A hurricane watch has been issued for Puerto Rico ahead of Tropical Storm Dorian, where conditions are forecast to begin deteriorating as early as Wednesday morning. The island is already under a tropical storm warning, with the threat of heavy rainfall and potential flash flooding and mudslides constituting the biggest concerns for the storm-weary island of 3.2 million.
“Our greatest concern is for the rain,” said Matthew Brewer, a meteorologist at the National Weather Service in San Juan. “We’re expecting between two and six inches, with local eight-inch amounts. We have some tight topography gradients, so flash flooding could be a problem.”
The island could see strong winds, too, although the winds will be only 10% to 20% of what the island experienced during Hurricane Maria, the Category 4 hurricane that devastated the island in 2017.
“The southwest part of the island will experience tropical storm force sustained winds,” explained Brewer. “The metro, where most people live, will only see those winds as gusts.” Tropical storm force winds fall in the 39-to-73-mph range. These winds will accompany squally weather beginning overnight Tuesday night into the predawn hours Wednesday.
As of Tuesday early afternoon, Tropical Storm Dorian was centered about 350 miles southeast of Ponce, Puerto Rico, after moving directly over the island of St. Lucia. The system continued to fight dry air that is surrounding the storm, prompting the National Hurricane Center to lower the estimated intensity of the storm’s sustained winds to 50 mph.
A pulse of deep convection – shower and thunderstorm activity – accompanied a flare-up Monday night and Tuesday morning, and Dorian has looked much healthier since the sun rose Tuesday morning. Evidence of better outflow ― air exiting the top of the storm in multiple directions – suggests Dorian will more efficiently ingest and expel air, allowing for further intensification.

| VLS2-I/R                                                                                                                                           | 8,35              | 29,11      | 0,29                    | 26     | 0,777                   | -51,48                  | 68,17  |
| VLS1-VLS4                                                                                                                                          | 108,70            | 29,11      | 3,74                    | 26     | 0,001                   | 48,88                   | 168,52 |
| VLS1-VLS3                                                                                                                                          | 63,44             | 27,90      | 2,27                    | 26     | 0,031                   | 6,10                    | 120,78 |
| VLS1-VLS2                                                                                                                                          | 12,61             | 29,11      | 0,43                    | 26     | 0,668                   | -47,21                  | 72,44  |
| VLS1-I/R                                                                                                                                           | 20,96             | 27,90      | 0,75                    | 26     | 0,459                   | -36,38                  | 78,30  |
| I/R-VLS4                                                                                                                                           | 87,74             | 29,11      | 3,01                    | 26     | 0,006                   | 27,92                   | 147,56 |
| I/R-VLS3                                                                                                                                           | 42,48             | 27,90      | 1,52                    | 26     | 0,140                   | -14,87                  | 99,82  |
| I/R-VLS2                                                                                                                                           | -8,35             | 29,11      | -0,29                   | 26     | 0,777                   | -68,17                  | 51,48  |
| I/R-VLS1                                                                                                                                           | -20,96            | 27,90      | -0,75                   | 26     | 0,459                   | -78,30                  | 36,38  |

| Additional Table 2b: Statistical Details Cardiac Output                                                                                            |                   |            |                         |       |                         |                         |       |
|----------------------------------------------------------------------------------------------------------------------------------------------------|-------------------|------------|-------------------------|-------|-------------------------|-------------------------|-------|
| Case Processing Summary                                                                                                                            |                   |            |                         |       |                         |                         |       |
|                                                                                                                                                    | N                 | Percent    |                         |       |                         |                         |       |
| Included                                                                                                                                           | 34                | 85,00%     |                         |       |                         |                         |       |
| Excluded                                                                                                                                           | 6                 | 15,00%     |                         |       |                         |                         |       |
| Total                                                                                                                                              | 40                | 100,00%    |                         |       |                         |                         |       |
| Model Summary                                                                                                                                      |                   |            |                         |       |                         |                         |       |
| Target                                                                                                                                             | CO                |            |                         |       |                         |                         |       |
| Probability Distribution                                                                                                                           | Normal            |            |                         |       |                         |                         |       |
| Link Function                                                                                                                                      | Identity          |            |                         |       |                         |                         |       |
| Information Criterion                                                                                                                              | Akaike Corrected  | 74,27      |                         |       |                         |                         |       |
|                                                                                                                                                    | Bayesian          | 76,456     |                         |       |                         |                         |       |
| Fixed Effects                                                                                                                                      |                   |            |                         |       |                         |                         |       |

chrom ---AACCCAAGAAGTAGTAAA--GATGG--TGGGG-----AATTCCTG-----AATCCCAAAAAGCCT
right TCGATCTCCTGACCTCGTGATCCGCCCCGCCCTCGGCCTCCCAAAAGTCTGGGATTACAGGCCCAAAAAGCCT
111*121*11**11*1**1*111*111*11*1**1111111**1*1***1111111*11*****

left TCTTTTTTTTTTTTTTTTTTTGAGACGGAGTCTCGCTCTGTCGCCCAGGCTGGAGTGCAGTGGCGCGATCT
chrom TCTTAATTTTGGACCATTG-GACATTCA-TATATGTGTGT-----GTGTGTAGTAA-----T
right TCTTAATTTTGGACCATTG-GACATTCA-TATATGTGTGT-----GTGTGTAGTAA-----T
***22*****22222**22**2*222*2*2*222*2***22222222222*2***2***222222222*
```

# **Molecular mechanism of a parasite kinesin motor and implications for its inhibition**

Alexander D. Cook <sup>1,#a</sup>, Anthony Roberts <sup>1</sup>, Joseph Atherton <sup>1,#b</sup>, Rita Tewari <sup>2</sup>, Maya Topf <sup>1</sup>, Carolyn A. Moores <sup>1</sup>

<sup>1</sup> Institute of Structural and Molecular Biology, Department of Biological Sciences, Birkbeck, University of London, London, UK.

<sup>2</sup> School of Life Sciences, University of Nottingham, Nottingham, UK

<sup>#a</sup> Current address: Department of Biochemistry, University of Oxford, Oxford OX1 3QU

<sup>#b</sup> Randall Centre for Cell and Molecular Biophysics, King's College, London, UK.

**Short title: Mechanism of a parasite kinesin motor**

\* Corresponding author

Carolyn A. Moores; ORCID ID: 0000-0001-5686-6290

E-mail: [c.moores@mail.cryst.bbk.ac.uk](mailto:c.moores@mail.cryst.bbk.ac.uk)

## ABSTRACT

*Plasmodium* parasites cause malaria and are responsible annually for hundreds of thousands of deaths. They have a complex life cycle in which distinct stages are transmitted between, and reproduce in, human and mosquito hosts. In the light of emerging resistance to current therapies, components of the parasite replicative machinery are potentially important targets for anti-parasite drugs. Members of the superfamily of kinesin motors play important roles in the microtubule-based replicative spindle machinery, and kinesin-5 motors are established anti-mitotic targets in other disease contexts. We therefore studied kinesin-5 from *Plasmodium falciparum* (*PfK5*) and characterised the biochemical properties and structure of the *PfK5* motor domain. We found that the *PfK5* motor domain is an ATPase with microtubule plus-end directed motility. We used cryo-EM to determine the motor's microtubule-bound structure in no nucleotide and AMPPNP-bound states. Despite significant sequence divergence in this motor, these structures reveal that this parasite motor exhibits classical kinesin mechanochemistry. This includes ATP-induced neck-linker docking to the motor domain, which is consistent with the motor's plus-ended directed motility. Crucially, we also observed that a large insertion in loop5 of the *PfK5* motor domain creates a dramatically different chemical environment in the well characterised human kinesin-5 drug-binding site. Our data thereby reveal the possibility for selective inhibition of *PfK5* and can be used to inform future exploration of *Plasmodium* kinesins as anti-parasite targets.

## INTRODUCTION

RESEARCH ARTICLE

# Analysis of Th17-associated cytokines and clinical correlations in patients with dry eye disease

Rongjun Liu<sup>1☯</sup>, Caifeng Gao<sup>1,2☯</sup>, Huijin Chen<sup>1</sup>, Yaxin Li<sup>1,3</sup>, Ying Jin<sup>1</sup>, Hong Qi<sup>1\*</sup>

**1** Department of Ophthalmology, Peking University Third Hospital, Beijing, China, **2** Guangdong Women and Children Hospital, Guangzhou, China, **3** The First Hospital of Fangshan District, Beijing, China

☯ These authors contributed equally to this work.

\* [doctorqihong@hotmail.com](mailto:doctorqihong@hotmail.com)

However, radar data and hurricane hunter aircraft observations show that the storm has not yet closed off a consolidated center of circulation, which is holding back its intensification. Tropical Storm Dorian’s center of circulation reformed to the north of the previous center, the Hurricane Center stated in a 2 p.m. update. This is an indication that the storm continues to try to intensify, but it’s struggling with ingesting dry air that inhibits thunderstorm activity near its core.
“It looks ragged on radar,” wrote tropical weather expert Brian McNoldy. “But the satellite presentation is the classic ‘CDO,’ or Central Dense Overcast, with fairly symmetric outflow and obvious banding. That is usually a predictor of intensification, and it wouldn’t be surprising to see an eye form later today.”
With their 11 a.m. briefing package, the National Hurricane Center forecast Dorian to remain just below the 74 mph threshold for hurricane strength as it passes just southwest of Puerto Rico.
“Slow strengthening is forecast during the next 48 hours, and Dorian is forecast to be near hurricane strength when it moves close to Puerto Rico and eastern Hispaniola,” the center wrote.